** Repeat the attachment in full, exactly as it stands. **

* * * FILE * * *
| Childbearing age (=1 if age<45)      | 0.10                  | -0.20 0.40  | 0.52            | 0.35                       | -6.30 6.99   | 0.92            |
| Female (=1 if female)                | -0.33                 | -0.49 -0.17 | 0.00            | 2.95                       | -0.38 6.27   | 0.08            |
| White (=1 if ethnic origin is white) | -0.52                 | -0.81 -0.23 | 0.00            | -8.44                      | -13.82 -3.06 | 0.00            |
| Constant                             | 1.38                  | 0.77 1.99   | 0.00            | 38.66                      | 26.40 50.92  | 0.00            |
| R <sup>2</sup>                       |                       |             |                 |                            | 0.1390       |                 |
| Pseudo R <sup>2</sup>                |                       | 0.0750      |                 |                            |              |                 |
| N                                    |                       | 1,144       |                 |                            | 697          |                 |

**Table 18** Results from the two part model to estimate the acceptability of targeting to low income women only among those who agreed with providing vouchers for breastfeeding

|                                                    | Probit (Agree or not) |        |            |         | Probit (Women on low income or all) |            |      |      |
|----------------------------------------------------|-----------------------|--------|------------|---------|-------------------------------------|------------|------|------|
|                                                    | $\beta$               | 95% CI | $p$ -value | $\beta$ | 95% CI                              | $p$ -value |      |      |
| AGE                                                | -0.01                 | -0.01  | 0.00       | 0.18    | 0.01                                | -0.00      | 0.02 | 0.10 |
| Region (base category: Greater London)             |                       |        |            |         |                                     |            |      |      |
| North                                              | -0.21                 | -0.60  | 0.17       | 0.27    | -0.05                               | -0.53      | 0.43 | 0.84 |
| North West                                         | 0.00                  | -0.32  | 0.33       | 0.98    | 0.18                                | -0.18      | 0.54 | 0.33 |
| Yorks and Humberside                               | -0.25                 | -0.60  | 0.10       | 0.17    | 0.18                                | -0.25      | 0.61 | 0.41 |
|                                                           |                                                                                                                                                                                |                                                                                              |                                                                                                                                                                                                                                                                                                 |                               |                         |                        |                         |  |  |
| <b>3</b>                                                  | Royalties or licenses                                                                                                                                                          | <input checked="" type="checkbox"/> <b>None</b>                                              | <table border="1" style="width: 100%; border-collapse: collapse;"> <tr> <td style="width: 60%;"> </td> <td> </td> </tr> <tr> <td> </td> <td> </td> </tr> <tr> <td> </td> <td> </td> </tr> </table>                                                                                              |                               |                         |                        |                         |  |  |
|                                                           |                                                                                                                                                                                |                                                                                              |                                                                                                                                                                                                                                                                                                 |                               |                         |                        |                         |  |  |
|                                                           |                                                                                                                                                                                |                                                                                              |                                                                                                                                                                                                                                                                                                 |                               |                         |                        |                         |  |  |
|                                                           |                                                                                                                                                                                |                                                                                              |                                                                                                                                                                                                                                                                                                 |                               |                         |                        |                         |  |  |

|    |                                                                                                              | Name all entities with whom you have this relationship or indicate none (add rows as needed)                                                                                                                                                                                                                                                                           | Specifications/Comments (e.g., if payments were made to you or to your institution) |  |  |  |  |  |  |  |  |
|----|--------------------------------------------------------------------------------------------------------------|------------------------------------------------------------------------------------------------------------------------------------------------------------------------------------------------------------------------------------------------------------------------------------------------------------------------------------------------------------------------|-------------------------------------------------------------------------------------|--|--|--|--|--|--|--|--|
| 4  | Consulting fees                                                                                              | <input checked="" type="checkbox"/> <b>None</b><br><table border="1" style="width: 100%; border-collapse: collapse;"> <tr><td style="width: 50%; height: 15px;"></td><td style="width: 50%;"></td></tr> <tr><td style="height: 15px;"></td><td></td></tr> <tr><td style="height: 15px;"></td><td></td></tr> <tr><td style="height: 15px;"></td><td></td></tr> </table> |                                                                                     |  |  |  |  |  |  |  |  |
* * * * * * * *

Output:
| Childbearing age (=1 if age<45)      | 0.10                  | -0.20 0.40  | 0.52            | 0.35                       | -6.30 6.99   | 0.92            |
| Female (=1 if female)                | -0.33                 | -0.49 -0.17 | 0.00            | 2.95                       | -0.38 6.27   | 0.08            |
| White (=1 if ethnic origin is white) | -0.52                 | -0.81 -0.23 | 0.00            | -8.44                      | -13.82 -3.06 | 0.00            |
| Constant                             | 1.38                  | 0.77 1.99   | 0.00            | 38.66                      | 26.40 50.92  | 0.00            |
| R <sup>2</sup>                       |                       |             |                 |                            | 0.1390       |                 |
| Pseudo R <sup>2</sup>                |                       | 0.0750      |                 |                            |              |                 |
| N                                    |                       | 1,144       |                 |                            | 697          |                 |

**Table 18** Results from the two part model to estimate the acceptability of targeting to low income women only among those who agreed with providing vouchers for breastfeeding

|                                                    | Probit (Agree or not) |        |            |         | Probit (Women on low income or all) |            |      |      |
|----------------------------------------------------|-----------------------|--------|------------|---------|-------------------------------------|------------|------|------|
|                                                    | $\beta$               | 95% CI | $p$ -value | $\beta$ | 95% CI                              | $p$ -value |      |      |
| AGE                                                | -0.01                 | -0.01  | 0.00       | 0.18    | 0.01                                | -0.00      | 0.02 | 0.10 |
| Region (base category: Greater London)             |                       |        |            |         |                                     |            |      |      |
| North                                              | -0.21                 | -0.60  | 0.17       | 0.27    | -0.05                               | -0.53      | 0.43 | 0.84 |
| North West                                         | 0.00                  | -0.32  | 0.33       | 0.98    | 0.18                                | -0.18      | 0.54 | 0.33 |
| Yorks and Humberside                               | -0.25                 | -0.60  | 0.10       | 0.17    | 0.18                                | -0.25      | 0.61 | 0.41 |
|                                                           |                                                                                                                                                                                |                                                                                              |                                                                                                                                                                                                                                                                                                 |                               |                         |                        |                         |  |  |
| <b>3</b>                                                  | Royalties or licenses                                                                                                                                                          | <input checked="" type="checkbox"/> <b>None</b>                                              | <table border="1" style="width: 100%; border-collapse: collapse;"> <tr> <td style="width: 60%;"> </td> <td> </td> </tr> <tr> <td> </td> <td> </td> </tr> <tr> <td> </td> <td> </td> </tr> </table>                                                                                              |                               |                         |                        |                         |  |  |
|                                                           |                                                                                                                                                                                |                                                                                              |                                                                                                                                                                                                                                                                                                 |                               |                         |                        |                         |  |  |
|                                                           |                                                                                                                                                                                |                                                                                              |                                                                                                                                                                                                                                                                                                 |                               |                         |                        |                         |  |  |
|                                                           |                                                                                                                                                                                |                                                                                              |                                                                                                                                                                                                                                                                                                 |                               |                         |                        |                         |  |  |

|    |                                                                                                              | Name all entities with whom you have this relationship or indicate none (add rows as needed)                                                                                                                                                                                                                                                                           | Specifications/Comments (e.g., if payments were made to you or to your institution) |  |  |  |  |  |  |  |  |
|----|--------------------------------------------------------------------------------------------------------------|------------------------------------------------------------------------------------------------------------------------------------------------------------------------------------------------------------------------------------------------------------------------------------------------------------------------------------------------------------------------|-------------------------------------------------------------------------------------|--|--|--|--|--|--|--|--|
| 4  | Consulting fees                                                                                              | <input checked="" type="checkbox"/> <b>None</b><br><table border="1" style="width: 100%; border-collapse: collapse;"> <tr><td style="width: 50%; height: 15px;"></td><td style="width: 50%;"></td></tr> <tr><td style="height: 15px;"></td><td></td></tr> <tr><td style="height: 15px;"></td><td></td></tr> <tr><td style="height: 15px;"></td><td></td></tr> </table> |                                                                                     |  |  |  |  |  |  |  |  |